First of all, in response to some comments on our last post, we wanted to close the loop on our dog show narrative. We liked the Wirehaired Fox Terrier, though we have no explanation for the inordinate number of times this breed has won Best in Show (twenty-two, we think we heard). Truth be told, once a dog has won over all of the other entries in its breed, and all of the other breed winners in its group, it is pretty hard for there to be a “wrong” choice. We will say that the Dachshund and the flashy Boxer bitch (featured, by the way, in Netflix’s “7 Days Out” segment on Westminster) showed their hearts out, whereas the Wire seemed a little tired to us. But, unless there is a Standard Poodle (the breed of our heart) among the final seven, we are always happy for whichever gorgeous example of its breed takes the top honor.
In today’s case, federal law takes the top honor. In the Eleventh Circuit’s unpublished decision in Markland v. Insys Therapeutics, Inc., — Fed. Appx. —. 2018 WL 6666385 (11th Cir. Dec. 19, 2018), the plaintiff’s decedent died after being administered the defendant’s pain medication for an allegedly off-label use. The plaintiff filed a wrongful death suit, asserting a single claim for “negligent marketing.” The plaintiff alleged that the defendant engaged in “fraudulent” and “unlawful” marketing to convince doctors to prescribe the drug for off-label uses.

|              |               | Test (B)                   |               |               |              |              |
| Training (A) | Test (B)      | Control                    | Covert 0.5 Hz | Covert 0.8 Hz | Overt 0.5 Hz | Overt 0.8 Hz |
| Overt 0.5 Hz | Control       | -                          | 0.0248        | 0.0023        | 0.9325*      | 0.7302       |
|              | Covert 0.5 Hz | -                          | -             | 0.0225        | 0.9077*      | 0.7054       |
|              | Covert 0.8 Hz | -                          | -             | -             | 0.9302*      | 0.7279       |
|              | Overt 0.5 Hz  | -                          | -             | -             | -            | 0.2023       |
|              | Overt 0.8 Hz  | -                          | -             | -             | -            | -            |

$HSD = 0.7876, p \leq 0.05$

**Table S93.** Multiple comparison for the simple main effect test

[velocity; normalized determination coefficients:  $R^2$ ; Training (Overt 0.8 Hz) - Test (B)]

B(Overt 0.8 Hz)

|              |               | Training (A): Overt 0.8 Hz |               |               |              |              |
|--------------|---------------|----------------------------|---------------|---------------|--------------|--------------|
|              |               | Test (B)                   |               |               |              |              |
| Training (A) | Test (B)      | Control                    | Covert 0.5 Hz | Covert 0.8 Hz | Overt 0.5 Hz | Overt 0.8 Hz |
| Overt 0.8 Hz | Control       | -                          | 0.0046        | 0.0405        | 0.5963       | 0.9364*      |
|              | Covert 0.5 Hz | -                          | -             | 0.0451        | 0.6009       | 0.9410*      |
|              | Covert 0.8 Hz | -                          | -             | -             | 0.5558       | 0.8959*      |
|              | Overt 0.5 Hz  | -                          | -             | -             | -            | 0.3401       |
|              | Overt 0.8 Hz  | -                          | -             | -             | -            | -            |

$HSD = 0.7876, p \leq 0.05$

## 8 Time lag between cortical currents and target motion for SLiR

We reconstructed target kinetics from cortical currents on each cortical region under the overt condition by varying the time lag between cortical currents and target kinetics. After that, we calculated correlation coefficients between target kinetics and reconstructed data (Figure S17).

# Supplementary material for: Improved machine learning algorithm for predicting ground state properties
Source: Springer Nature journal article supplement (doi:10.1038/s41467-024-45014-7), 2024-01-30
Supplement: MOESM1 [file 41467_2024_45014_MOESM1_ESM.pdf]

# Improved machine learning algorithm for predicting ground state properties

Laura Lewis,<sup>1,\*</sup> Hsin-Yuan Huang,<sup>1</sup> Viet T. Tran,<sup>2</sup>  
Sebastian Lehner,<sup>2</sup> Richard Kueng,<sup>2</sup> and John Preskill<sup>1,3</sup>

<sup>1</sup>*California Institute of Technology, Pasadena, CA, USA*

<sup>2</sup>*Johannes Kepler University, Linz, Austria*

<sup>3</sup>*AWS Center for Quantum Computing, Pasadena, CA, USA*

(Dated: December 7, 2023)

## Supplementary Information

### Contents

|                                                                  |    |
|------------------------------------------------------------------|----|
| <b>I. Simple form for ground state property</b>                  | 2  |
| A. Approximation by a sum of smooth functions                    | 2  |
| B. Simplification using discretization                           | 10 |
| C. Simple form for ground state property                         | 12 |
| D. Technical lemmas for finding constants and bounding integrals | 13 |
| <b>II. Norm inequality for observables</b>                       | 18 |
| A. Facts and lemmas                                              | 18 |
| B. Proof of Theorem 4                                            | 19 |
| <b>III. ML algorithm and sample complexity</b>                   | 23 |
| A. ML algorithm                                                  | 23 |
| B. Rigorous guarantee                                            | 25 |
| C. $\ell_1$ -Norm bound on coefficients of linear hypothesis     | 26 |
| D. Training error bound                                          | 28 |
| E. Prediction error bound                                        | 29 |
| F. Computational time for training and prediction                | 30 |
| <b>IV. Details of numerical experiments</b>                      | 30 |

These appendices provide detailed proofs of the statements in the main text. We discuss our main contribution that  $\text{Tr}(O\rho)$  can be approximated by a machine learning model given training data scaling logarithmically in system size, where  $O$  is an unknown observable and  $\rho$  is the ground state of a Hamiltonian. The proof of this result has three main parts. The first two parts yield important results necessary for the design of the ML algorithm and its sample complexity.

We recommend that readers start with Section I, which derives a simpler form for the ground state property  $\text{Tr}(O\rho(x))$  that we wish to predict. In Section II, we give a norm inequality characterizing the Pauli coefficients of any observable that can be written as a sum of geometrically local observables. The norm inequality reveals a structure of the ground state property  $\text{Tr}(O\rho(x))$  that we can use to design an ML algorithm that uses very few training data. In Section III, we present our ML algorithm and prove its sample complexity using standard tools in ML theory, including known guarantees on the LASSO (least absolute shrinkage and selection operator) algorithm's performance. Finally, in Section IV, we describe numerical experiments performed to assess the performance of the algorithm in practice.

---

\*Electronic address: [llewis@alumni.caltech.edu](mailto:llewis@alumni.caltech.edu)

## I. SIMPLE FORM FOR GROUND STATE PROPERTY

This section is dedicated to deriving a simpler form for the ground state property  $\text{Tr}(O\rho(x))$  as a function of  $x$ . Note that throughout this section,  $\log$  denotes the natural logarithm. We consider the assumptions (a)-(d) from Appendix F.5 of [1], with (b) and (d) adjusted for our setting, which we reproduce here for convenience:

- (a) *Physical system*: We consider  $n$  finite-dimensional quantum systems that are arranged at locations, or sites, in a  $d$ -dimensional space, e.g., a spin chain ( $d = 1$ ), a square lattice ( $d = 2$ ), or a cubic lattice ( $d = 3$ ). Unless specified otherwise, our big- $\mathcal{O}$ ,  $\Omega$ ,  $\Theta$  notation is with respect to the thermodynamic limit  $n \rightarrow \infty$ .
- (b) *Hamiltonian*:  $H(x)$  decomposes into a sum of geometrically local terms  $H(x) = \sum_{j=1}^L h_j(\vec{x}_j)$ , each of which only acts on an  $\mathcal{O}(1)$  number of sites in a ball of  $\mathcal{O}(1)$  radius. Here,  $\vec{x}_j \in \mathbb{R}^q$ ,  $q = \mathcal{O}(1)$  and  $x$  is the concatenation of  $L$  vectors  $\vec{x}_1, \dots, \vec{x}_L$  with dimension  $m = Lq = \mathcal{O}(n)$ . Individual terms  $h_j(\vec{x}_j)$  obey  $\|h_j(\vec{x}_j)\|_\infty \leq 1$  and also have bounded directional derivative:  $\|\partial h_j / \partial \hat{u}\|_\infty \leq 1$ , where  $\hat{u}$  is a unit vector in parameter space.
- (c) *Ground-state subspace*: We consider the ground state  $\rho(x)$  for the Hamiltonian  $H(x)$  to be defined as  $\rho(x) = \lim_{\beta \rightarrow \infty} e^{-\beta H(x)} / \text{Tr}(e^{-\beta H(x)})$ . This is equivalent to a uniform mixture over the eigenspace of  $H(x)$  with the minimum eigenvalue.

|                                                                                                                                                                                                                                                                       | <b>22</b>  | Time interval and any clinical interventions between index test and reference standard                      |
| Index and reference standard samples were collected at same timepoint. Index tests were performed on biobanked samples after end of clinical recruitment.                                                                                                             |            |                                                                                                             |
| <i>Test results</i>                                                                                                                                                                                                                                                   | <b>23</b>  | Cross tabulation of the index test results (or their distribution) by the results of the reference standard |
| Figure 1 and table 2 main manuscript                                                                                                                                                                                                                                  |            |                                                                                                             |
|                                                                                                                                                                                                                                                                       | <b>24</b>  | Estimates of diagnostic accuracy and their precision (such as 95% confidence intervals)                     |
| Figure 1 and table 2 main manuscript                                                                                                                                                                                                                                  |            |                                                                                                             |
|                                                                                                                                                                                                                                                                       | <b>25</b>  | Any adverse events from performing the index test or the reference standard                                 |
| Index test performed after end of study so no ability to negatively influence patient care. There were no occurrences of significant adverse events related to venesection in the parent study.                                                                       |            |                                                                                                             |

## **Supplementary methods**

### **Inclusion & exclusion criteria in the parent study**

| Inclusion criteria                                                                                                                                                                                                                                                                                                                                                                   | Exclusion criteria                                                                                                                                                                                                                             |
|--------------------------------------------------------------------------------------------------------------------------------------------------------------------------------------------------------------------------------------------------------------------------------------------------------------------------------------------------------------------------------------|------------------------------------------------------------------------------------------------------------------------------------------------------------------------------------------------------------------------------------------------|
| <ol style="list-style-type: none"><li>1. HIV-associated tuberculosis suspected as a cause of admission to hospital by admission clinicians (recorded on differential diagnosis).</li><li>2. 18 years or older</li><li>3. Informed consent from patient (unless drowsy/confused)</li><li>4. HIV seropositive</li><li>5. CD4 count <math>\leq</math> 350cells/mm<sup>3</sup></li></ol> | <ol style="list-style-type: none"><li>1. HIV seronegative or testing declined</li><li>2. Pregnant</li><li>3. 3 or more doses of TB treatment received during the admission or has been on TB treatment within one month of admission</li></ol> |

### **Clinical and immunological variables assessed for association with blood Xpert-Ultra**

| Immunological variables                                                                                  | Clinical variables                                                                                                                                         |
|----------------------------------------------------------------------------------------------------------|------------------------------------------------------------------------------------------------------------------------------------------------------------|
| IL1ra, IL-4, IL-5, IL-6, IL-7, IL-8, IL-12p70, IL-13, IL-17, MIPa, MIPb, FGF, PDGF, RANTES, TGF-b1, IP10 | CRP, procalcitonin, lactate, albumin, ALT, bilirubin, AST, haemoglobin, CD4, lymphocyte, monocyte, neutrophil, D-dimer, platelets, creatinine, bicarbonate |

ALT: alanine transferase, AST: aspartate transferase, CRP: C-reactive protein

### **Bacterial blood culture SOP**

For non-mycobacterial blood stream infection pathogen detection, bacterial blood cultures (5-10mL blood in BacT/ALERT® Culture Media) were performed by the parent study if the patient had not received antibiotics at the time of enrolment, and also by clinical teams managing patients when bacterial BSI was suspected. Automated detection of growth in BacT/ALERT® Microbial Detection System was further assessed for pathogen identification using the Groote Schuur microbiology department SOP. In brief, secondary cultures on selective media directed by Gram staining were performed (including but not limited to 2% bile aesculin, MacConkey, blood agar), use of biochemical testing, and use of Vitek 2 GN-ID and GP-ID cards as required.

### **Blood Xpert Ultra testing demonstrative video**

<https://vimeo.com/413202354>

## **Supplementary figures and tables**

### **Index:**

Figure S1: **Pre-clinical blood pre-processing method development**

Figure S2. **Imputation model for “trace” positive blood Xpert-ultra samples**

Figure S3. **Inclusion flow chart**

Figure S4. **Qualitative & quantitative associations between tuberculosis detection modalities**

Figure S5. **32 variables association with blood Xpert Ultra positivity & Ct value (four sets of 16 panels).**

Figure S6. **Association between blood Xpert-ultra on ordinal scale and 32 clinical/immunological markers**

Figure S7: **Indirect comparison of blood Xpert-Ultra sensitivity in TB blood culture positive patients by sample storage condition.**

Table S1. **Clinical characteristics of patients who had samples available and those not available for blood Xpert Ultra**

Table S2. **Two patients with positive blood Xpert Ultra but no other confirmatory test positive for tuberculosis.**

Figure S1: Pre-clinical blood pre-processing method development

Explaining that, under the FDCA and Buckman, only the United States government may enforce the FDCA’s provisions, the court emphasized that state law tort claims are preempted to the extent that they “seek to privately enforce a duty owed to the FDA.” Markland, 2018 WL 6666385 at *2 (citation omitted). While the plaintiff in Markland styled his claim as one for “negligent marketing,” the court explained that that is not a recognized tort under Florida law. The plaintiff’s complaint included the allegation that the defendants had “intentionally violated requirements imposed by the FDA” regarding the proper use of the drug. Id.
The district court had held that the substance of the plaintiff’s complaint was an allegation that the defendant had violated the FDCA, and the Eleventh Circuit agreed. The court held, “A critical premise of [the] complaint is that [the defendant’s] promotion of off-label uses was improper, a proposition that can only be established by pointing to federal law.” Id. Moreover the plaintiff did not “point to any traditional state-law duty owed by [the defendant] to [the plaintiff’s decedent] that was breached by the company’s marketing of [the drug] for off-label use.” The court concluded, “It is only because of the FDCA and FDA enforcement decisions that the promotion of off-label uses is prohibited. Indeed, the very concept of a drug use being ‘off-label’ is derived from the FDCA and FDA policymaking decisions. . . . As with the Buckman plaintiffs, Markland seeks to enforce a duty that exists solely by virtue of the FDCA. That kind of claim is preempted.” Id. (internal punctuation and citation to Buckman omitted).
Hornbook stuff, and we like it that way.